15. There may be practical difficulties in some cases. For example, the Church is not always given the names of complainants by the police if they have exercised their right to anonymity.[9] The point at which a civil claim is brought may be the first time that the Church learns the identity of a complainant, in order to apologise.

16. Where claimants desire an apology, it should be genuine, meaningful and personal. AN-A88, a complainant in the case of Victor Whitsey, told us that an apology where “nothing has changed” was “a candy floss apology” or “prattle without practice”.[10] As she said, “a true apology has to include things such as an acknowledgement, some affect, perhaps no defence and some reparation”. Bishop Peter Forster agreed:

the question of when apologies are made, by whom, is … a really difficult question. In one sense you can’t apologise too often; on the other hand you have to do it in an appropriate way”.[11]

He also considered that an apology is more complicated where there are civil claims because it “intersects with … the whole issue of admission of liability”, although since 2019 the EIO’s position is that apologies would not prejudice the claim or void the insurance contract.[12]

17. In any event, an insurer such as the EIO would not make the apology, though it might “facilitate” an apology where one is requested and where the Church is prepared to apologise.[13] We were told that the EIO is working with the Church to bring forward apologies; the earlier the apology, the more value it has to the recipient.[14]


18. The Church has recognised that its approach to redress for survivors of abuse such as therapy, counselling and offers of apology is not consistent and in many cases is not enough.[15] It wishes to introduce a redress scheme, to provide financial compensation, apologies and continuing support but also “comfort to survivors for their injuries” and to attempt to “put right the wrong which they have suffered, acknowledging for some that will never be possible”.[16]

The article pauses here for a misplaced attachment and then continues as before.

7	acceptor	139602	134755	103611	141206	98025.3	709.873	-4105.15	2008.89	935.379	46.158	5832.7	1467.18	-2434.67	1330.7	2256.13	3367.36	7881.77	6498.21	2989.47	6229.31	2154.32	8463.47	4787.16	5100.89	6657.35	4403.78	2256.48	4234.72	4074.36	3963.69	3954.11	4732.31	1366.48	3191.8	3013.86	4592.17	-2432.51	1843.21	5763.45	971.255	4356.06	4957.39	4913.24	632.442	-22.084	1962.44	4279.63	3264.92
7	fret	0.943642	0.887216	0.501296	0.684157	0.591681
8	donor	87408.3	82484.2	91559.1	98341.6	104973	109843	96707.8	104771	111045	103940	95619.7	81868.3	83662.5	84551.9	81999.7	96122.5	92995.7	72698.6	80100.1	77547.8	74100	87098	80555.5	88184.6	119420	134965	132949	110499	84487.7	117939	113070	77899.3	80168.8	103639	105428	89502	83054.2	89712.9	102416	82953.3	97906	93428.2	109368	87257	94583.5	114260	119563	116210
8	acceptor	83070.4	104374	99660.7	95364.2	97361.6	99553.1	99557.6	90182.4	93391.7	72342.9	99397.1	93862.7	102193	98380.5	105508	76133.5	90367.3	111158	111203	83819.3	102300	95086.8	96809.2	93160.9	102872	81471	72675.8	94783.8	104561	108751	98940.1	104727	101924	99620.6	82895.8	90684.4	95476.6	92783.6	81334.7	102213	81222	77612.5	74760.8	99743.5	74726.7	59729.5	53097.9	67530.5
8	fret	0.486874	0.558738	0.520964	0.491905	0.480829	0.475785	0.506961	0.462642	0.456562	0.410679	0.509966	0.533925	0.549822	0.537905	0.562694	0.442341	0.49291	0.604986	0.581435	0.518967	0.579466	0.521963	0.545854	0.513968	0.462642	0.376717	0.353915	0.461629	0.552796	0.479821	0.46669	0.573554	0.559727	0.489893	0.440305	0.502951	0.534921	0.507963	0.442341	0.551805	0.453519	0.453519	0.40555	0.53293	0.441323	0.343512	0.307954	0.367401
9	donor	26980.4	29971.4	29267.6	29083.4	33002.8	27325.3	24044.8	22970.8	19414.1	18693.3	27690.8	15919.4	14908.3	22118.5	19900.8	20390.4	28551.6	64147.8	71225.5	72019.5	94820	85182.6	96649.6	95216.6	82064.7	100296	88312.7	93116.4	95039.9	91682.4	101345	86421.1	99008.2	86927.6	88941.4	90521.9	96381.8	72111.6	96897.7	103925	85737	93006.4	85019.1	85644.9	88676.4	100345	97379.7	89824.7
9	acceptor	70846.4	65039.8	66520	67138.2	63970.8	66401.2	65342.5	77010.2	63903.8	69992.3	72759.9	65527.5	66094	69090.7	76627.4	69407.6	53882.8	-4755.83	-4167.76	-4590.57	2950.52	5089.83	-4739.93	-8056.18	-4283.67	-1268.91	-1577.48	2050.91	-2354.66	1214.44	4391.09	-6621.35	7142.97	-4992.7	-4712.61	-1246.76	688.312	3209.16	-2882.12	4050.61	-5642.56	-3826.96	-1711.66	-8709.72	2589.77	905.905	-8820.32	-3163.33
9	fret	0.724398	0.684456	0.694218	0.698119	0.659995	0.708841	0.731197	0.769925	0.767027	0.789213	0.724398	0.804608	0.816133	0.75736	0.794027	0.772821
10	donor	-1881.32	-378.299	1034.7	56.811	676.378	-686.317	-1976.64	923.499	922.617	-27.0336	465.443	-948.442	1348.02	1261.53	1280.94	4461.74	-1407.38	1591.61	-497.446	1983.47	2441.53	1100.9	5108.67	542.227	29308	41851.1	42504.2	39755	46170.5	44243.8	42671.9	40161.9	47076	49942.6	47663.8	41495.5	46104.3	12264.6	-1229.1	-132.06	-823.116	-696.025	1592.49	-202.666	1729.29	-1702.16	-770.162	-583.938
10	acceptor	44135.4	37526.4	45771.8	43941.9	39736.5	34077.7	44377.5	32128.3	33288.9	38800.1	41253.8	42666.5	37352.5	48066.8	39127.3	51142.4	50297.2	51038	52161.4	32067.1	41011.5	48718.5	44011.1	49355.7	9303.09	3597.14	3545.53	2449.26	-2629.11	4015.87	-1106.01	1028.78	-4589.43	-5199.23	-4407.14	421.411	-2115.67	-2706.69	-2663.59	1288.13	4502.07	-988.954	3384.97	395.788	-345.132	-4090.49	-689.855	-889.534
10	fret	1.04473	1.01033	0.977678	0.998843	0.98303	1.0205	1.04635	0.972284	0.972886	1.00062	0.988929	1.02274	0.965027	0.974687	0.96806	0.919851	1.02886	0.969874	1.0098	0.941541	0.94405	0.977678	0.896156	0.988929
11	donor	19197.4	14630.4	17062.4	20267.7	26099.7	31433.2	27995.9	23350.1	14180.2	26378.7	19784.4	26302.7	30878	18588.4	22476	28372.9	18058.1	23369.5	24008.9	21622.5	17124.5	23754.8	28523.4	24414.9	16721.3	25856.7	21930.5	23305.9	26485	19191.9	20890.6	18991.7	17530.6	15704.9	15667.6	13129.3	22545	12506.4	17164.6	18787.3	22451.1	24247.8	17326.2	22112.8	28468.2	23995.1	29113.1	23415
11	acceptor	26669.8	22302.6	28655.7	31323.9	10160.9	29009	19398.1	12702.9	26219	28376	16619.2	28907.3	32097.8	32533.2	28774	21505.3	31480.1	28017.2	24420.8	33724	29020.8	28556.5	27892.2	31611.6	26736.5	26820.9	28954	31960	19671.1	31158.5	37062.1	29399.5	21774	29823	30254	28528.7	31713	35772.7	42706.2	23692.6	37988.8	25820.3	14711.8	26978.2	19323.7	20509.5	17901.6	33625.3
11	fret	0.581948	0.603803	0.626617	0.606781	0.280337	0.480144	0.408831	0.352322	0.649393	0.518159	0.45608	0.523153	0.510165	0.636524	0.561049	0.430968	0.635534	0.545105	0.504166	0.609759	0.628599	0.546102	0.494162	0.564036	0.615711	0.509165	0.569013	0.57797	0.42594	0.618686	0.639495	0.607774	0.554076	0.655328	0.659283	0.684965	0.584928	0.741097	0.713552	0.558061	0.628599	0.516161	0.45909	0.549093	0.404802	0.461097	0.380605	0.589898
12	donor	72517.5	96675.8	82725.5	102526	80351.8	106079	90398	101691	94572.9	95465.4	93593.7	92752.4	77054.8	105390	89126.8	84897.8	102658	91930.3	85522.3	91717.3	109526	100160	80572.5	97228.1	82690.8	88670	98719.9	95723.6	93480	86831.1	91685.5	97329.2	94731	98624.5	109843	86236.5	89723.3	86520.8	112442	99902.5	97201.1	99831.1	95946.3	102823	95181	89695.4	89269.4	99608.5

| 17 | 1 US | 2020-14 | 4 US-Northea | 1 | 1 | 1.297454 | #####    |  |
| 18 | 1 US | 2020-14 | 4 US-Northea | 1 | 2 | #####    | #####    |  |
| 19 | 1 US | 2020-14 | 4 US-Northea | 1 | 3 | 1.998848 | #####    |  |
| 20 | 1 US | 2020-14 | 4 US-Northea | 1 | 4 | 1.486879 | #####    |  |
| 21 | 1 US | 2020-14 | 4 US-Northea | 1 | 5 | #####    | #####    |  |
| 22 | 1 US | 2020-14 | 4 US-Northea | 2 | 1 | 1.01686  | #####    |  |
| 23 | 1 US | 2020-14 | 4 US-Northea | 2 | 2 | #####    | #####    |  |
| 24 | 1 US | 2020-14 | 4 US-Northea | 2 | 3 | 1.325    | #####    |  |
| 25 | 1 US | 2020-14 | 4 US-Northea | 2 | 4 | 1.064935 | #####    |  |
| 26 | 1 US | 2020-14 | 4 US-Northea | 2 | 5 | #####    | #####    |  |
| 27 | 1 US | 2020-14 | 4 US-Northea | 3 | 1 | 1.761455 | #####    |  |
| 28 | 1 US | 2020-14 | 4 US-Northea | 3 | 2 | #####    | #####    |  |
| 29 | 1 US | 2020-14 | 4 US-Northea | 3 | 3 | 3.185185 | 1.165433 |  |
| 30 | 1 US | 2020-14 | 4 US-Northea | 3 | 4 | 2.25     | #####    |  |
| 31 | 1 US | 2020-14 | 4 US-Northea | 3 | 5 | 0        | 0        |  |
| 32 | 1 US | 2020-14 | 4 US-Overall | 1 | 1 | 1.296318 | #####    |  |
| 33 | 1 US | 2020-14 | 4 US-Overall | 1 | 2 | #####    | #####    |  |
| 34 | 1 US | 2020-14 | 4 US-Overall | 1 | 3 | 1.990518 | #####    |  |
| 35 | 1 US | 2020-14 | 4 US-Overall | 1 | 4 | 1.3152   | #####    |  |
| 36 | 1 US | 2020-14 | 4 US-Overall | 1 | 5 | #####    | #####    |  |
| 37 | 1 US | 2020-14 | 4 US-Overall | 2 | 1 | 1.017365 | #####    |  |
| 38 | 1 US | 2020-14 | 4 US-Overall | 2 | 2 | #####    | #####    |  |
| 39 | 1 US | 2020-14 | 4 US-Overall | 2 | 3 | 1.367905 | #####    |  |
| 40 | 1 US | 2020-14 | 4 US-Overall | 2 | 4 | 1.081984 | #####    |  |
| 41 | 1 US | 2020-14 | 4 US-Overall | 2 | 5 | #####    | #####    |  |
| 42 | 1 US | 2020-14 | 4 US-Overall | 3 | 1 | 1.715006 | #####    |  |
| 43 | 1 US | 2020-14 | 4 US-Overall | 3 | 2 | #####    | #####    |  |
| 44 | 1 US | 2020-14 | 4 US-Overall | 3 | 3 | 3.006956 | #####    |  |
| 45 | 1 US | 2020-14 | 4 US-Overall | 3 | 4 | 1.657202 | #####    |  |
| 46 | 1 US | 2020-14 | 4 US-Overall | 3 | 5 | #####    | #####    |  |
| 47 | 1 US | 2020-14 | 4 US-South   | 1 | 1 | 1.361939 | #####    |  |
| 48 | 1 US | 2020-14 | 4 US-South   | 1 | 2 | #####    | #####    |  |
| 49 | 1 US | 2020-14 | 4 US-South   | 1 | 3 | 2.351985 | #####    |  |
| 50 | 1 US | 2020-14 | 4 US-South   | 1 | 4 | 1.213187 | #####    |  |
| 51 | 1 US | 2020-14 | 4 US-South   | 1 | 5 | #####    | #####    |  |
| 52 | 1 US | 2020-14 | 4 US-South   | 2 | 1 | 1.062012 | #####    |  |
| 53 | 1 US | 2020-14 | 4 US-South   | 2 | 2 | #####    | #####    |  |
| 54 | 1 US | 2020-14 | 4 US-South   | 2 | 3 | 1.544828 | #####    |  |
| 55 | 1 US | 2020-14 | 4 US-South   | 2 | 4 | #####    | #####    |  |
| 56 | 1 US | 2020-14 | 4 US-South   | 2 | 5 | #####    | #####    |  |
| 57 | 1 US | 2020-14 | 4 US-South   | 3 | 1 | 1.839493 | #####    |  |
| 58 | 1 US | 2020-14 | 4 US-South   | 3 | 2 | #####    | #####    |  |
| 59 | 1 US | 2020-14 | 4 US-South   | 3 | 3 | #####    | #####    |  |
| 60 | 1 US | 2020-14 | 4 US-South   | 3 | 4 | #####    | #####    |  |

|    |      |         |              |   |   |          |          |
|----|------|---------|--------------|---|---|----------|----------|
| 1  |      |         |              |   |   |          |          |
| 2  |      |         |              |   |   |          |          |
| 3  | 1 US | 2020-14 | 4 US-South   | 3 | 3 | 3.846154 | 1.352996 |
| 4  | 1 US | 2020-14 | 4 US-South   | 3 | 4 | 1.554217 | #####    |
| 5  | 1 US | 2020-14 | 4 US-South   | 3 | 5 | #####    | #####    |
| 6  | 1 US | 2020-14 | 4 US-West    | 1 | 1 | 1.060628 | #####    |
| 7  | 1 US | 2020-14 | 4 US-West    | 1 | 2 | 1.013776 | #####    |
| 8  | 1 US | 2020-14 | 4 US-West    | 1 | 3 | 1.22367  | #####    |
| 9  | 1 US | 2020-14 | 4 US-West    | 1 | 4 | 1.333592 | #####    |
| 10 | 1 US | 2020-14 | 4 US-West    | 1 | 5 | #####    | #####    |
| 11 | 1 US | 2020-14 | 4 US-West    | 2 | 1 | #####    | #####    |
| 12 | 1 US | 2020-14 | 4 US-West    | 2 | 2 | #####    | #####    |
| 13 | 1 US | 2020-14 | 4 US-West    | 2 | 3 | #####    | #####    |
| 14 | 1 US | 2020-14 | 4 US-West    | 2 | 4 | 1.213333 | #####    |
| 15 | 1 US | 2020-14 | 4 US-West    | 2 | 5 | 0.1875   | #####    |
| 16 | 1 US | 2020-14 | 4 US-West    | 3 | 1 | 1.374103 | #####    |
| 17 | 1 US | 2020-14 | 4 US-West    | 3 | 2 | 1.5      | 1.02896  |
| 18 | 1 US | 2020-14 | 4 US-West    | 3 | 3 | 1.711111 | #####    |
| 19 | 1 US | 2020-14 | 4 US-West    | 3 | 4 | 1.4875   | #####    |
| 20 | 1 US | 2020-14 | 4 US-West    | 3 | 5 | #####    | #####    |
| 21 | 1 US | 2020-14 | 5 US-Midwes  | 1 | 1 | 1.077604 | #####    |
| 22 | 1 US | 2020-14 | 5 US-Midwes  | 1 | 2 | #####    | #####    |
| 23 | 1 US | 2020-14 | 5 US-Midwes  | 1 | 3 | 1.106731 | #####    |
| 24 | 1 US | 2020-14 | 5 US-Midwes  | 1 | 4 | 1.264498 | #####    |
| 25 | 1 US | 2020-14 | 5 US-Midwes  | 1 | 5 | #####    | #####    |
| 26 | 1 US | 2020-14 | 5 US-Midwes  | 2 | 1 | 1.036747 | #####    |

19. The National Safeguarding Steering Group (NSSG) has identified a number of propositions for consideration.

19.1. It is the duty of the Church to take reasonable steps to compensate those who have been harmed as far as possible, and this should lie where legal liability arises. A redress scheme should not disadvantage victims and survivors from accessing existing methods of compensation and support.

19.2. Redress should take account of both the harm caused and the wrong done and so should lead to both elements of restoration (financial recompense and support) and repentance (ie apology). It should be consistent and not dependent upon geographic location or governance processes.

19.3. The process of redress should not compound or repeat harm, and should be trauma-informed.

19.4. The provision of redress should not (within the confines of relevant civil law) be hindered by the structures of the Church.

19.5. Redress is part of the safeguarding and pastoral responsibilities of the Church, and sits alongside the responsibility to support the “cure of souls” in every parish.[17]

20. The Church has indicated that it wishes to include input from survivors in the design of a redress scheme, into the initiation, principles, design and governance.